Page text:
On 1 September 2023, local government employees in South Australia can access family and domestic violence leave. This article, prepared by Norman Waterhouse in partnership with the Local Government Association of South Australia, expands on the main features of the legislation, and explores the changes Councils and other local government entities are required to adapt, pursuant to the Fair Work (Family and Domestic Violence Leave) Amendment Act 2023 (SA).
What is the new entitlement?
All employees, including casual employees, are entitled to 15 days of paid family and domestic violence leave in a 12 month period, noting that this leave does not accrue year-to-year.
Employment contracts that do not provide for an entitlement to family and domestic violence leave will automatically be taken to provide for 15 days as standard.
Who can apply?
Full-time, part-time and casual employees may apply for paid family and domestic violence leave for any of the following purposes arising from or in relation to family and domestic violence:
How much notice must be provided?
Employees must, as soon as practicable in the circumstances, give notice to their employer that they are taking family and domestic violence leave. Such notice must include the employee’s intention to take the leave, the purpose for which the employee intends to take the leave, and the time the employee expects to be absent.
What evidence do employees have to provide?
Councils may ask an employee to provide evidence that would satisfy a reasonable person that the leave is for one of the purposes listed above. However, Councils must not request, and the employee is not required to provide, information relating to the details, nature, or extent of the family and domestic violence.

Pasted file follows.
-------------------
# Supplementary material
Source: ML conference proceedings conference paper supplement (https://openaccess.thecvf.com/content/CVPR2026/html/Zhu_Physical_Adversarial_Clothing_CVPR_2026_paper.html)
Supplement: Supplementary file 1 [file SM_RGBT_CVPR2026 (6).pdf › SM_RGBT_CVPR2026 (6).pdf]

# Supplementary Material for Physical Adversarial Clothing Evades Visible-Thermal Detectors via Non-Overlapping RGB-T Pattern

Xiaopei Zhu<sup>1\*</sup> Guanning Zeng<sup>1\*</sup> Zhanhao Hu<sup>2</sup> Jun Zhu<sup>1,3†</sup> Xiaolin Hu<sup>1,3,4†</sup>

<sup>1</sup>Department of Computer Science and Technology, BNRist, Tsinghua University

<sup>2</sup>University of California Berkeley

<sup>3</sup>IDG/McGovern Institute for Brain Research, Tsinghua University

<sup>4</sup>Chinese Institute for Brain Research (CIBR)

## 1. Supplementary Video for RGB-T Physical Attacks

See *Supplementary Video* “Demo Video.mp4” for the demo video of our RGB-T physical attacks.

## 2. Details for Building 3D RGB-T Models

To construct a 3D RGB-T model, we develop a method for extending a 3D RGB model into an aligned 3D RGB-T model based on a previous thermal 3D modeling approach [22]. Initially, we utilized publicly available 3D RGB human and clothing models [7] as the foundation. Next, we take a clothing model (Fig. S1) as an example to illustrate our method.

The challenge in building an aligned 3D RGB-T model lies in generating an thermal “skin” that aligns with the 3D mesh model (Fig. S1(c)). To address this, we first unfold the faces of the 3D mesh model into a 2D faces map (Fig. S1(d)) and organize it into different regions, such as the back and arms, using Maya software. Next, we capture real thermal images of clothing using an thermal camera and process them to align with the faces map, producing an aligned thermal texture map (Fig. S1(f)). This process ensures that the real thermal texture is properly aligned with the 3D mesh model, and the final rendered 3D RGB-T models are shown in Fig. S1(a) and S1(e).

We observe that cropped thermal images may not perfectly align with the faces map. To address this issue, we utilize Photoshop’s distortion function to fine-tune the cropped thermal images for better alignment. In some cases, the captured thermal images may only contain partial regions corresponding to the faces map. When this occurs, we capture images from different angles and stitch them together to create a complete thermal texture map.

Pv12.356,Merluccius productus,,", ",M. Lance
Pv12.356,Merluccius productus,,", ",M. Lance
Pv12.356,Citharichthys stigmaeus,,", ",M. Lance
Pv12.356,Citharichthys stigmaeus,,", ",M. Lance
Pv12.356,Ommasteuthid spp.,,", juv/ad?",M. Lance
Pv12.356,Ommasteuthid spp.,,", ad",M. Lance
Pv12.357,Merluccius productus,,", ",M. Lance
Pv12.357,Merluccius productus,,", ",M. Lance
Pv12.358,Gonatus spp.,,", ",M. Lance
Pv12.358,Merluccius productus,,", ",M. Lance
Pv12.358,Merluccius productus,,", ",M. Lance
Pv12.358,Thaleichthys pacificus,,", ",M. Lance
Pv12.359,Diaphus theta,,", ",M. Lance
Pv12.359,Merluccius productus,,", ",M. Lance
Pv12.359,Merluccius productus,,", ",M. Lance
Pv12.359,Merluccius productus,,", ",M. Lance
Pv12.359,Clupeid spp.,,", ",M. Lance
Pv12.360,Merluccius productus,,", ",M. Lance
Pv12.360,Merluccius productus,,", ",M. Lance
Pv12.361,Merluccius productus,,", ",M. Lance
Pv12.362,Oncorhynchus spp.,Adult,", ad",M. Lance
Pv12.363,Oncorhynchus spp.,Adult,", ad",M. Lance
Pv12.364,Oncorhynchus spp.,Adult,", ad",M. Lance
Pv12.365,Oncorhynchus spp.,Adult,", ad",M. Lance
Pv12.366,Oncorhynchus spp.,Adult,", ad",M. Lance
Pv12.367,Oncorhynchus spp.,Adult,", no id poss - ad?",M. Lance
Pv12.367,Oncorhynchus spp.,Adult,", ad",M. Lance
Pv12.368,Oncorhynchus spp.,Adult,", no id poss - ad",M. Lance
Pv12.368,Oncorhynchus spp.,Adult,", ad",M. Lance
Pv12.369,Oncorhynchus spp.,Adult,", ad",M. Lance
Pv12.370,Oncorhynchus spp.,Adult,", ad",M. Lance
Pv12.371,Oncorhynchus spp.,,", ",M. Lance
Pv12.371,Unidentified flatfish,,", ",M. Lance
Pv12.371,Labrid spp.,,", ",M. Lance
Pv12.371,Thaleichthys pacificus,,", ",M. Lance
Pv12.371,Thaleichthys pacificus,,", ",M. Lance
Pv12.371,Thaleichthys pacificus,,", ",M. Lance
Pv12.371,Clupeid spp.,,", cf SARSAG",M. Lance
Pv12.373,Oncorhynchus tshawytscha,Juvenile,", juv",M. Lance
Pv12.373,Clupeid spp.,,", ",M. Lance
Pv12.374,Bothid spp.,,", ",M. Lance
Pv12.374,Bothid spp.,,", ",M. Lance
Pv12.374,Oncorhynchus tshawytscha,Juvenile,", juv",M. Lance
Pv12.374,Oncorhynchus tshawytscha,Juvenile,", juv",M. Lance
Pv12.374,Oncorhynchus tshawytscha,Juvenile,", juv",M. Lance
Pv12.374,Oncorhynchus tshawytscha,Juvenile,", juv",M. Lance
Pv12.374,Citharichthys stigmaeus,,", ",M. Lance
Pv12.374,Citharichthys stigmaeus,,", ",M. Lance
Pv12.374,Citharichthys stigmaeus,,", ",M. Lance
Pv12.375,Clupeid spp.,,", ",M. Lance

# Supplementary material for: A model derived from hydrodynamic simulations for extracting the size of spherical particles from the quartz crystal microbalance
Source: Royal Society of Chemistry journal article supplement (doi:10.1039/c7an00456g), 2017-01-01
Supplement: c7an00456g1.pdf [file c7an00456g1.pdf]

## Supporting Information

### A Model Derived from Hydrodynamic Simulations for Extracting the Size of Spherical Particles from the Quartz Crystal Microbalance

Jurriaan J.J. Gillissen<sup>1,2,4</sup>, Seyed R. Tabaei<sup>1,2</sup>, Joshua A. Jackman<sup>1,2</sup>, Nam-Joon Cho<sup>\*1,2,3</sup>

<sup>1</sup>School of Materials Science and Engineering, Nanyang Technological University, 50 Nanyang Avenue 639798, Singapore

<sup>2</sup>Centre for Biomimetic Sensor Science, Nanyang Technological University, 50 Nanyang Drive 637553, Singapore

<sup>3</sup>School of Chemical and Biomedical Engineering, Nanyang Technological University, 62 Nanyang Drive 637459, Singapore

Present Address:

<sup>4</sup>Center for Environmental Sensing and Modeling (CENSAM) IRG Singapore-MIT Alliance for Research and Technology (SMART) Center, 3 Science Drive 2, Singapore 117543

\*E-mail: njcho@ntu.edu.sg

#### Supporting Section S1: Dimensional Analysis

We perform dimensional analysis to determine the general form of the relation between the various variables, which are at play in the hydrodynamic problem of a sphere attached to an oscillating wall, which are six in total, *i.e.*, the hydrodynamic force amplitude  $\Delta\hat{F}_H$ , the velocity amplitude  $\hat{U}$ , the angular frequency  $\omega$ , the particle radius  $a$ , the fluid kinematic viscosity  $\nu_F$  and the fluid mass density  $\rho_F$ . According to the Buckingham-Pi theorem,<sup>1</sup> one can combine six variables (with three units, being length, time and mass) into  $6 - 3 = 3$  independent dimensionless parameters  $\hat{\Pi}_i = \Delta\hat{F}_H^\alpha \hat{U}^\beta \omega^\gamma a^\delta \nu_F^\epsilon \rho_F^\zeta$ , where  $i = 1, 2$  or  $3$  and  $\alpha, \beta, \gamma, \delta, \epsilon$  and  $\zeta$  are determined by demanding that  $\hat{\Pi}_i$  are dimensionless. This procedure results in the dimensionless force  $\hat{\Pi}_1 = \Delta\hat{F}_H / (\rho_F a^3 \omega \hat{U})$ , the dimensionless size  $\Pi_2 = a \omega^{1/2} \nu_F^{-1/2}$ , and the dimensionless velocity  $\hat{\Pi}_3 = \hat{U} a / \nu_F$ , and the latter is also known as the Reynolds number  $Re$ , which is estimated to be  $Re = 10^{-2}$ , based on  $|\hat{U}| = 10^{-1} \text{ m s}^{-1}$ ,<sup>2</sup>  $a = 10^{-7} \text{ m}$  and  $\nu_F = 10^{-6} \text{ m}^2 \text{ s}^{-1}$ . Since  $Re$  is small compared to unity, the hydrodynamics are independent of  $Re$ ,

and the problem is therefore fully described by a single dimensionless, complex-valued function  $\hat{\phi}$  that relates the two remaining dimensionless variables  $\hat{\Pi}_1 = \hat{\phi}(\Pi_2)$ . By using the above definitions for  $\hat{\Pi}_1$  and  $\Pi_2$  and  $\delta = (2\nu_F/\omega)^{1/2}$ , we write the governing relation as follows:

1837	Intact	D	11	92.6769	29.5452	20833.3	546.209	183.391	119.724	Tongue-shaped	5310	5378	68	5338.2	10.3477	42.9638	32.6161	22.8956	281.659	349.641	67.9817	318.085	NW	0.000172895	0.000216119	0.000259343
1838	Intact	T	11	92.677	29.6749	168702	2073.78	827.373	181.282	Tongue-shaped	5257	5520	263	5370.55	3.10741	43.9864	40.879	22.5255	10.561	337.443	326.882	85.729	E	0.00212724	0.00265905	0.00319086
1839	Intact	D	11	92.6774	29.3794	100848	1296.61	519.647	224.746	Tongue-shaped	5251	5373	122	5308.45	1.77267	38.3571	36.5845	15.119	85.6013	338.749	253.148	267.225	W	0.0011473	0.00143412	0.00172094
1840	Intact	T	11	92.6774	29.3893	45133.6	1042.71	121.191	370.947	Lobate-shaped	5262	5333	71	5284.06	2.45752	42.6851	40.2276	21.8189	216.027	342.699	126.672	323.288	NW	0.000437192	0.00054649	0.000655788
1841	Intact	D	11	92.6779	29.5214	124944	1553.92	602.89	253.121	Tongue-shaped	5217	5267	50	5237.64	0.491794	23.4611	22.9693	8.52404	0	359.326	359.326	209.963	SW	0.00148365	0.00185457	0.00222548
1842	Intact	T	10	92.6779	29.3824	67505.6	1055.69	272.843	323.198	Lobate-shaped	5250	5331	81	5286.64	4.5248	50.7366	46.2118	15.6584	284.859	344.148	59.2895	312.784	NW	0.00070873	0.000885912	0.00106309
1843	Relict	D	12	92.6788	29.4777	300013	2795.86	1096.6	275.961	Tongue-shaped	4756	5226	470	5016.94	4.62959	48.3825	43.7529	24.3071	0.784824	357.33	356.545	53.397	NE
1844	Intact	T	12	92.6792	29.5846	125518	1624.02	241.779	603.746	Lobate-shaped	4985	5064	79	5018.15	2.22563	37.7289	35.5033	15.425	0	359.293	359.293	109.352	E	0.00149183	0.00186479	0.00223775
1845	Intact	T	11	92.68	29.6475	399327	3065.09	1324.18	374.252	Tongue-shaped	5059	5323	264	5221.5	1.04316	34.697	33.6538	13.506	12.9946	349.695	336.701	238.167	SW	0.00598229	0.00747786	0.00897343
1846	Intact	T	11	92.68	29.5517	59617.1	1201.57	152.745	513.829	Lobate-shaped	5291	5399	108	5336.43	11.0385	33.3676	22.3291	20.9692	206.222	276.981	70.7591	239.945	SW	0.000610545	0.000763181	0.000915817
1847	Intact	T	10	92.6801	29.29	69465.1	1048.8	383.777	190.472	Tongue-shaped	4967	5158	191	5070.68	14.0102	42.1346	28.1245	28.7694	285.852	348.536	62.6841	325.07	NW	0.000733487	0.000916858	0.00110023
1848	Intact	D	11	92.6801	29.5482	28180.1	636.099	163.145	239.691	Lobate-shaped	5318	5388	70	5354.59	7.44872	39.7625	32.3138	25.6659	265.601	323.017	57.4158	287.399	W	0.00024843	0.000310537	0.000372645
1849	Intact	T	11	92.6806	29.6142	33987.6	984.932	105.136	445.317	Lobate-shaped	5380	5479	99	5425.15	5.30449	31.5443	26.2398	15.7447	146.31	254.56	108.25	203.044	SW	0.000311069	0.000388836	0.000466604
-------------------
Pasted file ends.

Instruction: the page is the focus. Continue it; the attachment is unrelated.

How should employees be paid?
Employees taking family and domestic violence leave are entitled to be paid at their full rate of pay for that period, including any overtime, allowances or applicable loadings.
Casual employees should be paid their full rate of pay in accordance with their rostered hours, had those hours been worked.
Council’s confidentiality obligations
As far as reasonably practicable, Councils must take steps to ensure information obtained in relation to an employee’s experience of family and domestic violence is treated confidentially. This includes ensuring that pay slips provided to employees do not contain any information indicating that they have taken family or domestic violence leave, or how much was paid in respect of the family and domestic violence leave taken.
Councils are not prevented from disclosing information if:
What if Councils fail to comply with the family and domestic violence provisions?
Serious contraventions in respect of confidentiality requirements may attract a maximum penalty of $10,000.
What does this mean for Councils?
Councils are required to adhere to the new legislation and provide these benefits to relevant employees by:
The Local Government Association of South Australia and the Employment and Safety team at Norman Waterhouse can help Councils and other local government entities understand and comply with the changes.
Please contact Samantha Killington on Samantha.Killington@lga.sa.gov.au, Sathish Dasan on +61 8 8210 1253 or firstname.lastname@example.org, or Lincoln Smith on + 61 8 8210 1203 or email@example.com, or Li-shern Sim on +61 407 017 681 or firstname.lastname@example.org if you would like more information.
1 September 2023